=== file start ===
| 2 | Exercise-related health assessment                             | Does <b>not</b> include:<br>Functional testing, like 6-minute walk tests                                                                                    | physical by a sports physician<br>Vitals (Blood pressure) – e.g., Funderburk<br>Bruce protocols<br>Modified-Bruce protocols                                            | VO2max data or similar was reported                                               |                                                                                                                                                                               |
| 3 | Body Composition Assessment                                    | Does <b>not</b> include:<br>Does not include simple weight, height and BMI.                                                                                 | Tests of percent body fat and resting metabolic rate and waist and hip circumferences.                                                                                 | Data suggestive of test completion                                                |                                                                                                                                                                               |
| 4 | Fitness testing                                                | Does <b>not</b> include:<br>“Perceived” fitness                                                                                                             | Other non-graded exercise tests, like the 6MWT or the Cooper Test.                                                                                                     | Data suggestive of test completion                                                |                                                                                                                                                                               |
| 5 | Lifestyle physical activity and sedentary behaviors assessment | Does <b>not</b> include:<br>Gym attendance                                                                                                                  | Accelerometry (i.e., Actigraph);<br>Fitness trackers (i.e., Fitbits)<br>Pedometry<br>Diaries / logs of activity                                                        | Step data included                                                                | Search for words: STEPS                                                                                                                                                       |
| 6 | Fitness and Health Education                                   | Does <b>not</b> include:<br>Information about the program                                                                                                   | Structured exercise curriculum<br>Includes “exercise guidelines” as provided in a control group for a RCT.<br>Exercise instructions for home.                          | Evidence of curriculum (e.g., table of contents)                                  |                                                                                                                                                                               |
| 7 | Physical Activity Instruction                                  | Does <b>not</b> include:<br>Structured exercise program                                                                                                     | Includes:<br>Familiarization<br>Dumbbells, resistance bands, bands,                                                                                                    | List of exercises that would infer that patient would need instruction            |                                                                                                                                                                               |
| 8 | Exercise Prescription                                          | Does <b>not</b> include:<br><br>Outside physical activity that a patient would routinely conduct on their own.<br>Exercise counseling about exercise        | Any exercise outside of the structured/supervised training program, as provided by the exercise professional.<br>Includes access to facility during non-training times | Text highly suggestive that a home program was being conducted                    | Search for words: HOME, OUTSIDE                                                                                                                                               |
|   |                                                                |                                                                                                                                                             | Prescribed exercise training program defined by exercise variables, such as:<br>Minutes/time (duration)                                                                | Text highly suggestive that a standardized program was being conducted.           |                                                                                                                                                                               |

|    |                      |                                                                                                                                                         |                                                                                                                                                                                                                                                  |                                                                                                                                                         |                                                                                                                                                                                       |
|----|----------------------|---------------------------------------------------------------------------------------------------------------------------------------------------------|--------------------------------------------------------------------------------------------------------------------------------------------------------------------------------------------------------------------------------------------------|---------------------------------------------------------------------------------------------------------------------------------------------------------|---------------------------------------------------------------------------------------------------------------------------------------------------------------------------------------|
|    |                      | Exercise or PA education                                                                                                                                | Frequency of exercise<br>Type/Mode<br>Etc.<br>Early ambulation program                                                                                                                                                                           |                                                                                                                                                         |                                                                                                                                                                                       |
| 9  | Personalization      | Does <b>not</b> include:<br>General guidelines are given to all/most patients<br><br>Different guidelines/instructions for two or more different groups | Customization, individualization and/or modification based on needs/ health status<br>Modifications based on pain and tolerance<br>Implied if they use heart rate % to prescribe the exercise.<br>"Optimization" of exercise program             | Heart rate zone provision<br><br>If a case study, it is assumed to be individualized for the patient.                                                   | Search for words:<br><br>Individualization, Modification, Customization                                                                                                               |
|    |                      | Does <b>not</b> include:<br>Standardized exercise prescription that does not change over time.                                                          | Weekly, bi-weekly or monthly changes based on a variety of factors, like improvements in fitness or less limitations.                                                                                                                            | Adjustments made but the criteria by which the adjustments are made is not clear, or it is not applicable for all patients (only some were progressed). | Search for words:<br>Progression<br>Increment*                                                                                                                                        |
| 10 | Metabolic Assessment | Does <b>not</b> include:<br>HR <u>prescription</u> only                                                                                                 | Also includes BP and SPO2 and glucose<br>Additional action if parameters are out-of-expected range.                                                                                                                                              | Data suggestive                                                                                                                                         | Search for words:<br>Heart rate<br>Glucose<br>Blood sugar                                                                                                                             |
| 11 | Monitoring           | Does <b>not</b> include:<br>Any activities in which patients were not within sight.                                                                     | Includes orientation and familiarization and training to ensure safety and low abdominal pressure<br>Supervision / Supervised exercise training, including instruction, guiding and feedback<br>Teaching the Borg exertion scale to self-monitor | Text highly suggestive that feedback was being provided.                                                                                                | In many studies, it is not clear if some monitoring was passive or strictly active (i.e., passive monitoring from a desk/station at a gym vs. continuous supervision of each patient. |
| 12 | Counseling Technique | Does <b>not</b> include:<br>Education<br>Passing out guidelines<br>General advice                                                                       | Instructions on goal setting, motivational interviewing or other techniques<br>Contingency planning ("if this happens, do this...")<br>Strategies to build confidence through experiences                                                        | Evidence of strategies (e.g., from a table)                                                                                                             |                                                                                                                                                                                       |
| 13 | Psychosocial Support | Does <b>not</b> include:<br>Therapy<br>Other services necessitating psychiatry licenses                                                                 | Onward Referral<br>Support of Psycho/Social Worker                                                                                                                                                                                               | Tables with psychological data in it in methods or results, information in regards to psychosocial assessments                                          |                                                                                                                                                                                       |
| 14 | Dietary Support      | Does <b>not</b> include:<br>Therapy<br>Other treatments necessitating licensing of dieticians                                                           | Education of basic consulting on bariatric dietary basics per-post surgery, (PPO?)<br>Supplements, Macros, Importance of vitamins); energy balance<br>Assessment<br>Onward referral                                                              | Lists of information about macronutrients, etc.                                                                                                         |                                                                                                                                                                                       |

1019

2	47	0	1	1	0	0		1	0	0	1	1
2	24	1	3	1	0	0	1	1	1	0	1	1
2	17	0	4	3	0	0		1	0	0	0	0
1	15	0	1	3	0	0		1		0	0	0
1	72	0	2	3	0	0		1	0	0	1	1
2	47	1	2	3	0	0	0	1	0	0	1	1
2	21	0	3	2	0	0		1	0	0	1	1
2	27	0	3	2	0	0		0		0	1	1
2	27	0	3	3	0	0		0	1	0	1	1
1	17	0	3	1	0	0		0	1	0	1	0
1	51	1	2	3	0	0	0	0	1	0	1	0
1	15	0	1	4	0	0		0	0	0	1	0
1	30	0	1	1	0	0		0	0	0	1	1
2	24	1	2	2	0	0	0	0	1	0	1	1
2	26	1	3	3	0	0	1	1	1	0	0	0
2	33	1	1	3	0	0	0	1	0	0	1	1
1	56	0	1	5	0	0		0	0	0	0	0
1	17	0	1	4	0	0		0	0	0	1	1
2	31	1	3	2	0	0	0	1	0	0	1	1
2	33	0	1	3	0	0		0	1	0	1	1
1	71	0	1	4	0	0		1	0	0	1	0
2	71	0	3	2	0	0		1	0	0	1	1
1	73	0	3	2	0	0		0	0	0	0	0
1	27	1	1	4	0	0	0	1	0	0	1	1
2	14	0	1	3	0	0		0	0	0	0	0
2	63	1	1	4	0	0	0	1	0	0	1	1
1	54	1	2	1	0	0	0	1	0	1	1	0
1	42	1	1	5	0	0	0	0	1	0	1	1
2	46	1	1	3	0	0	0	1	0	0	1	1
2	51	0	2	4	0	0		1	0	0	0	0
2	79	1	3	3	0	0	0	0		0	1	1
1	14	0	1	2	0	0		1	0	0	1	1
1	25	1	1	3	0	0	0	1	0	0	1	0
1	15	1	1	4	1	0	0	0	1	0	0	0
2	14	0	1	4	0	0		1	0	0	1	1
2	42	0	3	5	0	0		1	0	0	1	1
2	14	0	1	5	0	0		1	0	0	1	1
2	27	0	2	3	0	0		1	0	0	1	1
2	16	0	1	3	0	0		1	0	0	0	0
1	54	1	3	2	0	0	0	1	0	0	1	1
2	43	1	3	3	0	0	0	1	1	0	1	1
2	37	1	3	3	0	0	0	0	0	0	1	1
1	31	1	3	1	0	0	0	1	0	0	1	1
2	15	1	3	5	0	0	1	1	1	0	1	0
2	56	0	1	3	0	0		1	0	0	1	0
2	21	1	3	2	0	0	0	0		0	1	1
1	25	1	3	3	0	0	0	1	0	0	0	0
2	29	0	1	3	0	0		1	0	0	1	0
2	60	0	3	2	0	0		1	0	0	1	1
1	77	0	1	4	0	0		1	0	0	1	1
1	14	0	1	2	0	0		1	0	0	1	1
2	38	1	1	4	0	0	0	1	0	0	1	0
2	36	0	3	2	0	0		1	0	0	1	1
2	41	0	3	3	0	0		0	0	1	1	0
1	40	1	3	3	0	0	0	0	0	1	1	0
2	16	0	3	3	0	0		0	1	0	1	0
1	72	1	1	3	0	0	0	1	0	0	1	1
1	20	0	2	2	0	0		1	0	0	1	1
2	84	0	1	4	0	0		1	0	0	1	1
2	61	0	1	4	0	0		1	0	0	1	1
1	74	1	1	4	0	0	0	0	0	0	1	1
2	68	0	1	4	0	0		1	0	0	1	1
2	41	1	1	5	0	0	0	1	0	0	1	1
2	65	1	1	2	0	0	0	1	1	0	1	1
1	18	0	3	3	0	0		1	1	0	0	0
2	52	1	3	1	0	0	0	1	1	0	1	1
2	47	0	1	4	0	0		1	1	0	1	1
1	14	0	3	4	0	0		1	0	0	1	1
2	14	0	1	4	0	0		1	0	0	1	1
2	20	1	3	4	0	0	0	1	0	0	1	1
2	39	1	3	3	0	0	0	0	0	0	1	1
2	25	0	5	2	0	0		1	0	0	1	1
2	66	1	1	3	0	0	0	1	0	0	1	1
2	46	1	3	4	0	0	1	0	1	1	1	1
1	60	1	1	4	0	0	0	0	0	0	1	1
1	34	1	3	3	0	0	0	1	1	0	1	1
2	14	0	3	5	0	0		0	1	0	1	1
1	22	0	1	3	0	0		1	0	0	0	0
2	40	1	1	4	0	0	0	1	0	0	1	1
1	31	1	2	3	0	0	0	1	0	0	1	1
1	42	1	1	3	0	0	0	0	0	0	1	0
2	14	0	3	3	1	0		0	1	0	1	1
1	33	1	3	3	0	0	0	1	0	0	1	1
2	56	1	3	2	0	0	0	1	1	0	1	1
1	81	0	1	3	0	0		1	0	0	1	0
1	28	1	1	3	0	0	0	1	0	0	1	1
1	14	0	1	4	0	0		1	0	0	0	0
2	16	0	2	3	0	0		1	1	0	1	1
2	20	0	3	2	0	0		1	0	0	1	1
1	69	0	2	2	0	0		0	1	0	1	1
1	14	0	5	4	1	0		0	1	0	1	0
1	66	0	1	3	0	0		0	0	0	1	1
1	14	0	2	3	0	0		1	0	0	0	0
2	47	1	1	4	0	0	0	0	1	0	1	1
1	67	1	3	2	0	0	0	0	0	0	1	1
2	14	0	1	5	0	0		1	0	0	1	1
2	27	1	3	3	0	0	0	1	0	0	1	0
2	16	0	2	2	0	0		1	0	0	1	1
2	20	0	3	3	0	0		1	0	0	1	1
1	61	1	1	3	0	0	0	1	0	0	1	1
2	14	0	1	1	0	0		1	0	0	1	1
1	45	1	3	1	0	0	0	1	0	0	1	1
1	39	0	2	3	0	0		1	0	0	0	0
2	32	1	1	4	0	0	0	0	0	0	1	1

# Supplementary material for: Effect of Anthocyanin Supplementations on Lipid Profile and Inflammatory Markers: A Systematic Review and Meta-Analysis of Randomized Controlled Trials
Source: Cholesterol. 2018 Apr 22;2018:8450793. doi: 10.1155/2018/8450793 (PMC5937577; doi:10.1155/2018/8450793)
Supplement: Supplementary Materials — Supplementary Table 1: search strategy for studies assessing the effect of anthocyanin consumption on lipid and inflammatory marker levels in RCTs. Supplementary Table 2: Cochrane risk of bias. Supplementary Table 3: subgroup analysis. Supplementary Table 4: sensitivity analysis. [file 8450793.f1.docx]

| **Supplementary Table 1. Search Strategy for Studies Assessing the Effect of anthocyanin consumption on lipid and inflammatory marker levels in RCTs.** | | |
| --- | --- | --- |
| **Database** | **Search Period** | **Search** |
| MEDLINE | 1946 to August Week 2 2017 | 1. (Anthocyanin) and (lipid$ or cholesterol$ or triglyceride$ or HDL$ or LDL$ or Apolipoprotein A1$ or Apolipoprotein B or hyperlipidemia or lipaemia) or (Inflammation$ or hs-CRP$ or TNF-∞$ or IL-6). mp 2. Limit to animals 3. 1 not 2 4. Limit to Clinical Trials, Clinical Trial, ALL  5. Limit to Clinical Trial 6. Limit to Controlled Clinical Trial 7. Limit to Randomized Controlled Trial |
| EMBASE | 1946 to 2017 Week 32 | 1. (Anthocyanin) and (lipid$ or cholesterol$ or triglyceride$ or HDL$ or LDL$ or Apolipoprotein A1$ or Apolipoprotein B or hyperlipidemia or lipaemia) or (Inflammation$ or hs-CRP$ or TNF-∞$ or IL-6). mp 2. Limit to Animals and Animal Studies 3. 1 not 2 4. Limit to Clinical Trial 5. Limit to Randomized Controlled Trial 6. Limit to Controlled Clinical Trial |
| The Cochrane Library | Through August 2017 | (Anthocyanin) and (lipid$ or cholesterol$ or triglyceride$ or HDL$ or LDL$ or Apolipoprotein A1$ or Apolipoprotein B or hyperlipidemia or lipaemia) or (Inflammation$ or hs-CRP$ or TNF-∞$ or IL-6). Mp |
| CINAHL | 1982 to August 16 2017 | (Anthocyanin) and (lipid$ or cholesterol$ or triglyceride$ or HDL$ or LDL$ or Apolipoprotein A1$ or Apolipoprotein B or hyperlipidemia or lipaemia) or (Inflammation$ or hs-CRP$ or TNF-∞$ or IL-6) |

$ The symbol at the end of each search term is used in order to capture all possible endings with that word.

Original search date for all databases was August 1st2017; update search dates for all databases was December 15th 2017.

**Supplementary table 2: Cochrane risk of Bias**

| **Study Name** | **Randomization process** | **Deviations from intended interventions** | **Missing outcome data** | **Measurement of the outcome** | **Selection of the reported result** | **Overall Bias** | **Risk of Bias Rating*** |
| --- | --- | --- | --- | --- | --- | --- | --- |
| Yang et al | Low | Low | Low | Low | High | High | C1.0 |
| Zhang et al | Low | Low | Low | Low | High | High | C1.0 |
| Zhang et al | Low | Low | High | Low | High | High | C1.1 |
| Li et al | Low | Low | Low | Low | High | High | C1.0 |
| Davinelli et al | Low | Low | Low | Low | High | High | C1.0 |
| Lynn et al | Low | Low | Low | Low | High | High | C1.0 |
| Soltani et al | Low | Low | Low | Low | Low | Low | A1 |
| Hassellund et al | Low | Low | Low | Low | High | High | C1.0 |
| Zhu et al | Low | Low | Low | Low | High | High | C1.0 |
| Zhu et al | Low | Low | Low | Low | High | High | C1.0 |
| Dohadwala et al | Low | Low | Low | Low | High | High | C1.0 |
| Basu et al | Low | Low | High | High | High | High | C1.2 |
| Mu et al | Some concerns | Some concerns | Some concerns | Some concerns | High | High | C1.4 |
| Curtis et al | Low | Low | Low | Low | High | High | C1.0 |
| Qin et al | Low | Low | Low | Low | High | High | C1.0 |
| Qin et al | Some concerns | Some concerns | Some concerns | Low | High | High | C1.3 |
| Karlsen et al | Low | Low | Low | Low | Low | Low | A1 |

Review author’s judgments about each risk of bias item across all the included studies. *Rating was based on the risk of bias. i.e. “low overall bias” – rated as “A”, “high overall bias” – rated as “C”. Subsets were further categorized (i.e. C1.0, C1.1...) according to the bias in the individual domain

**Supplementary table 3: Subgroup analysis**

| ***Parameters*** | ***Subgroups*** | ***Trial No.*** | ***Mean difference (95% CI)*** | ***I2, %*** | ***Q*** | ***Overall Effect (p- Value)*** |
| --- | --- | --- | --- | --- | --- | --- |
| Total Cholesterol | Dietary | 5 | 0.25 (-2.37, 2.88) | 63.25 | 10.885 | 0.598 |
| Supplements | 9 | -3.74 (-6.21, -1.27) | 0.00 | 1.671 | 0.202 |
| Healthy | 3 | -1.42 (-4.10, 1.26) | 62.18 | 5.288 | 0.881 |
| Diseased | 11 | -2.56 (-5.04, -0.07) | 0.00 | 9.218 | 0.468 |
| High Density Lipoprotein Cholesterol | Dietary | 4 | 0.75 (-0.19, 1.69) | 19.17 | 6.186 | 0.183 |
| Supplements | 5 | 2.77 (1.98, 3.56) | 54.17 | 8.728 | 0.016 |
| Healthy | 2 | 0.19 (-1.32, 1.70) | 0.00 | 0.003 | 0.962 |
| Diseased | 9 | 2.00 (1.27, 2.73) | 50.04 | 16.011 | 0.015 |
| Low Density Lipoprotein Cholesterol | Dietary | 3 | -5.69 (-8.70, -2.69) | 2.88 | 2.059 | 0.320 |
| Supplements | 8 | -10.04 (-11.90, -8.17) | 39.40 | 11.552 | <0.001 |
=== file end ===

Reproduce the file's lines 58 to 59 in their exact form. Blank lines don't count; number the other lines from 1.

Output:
2	16	0	1	3	0	0		1	0	0	0	0
1	54	1	3	2	0	0	0	1	0	0	1	1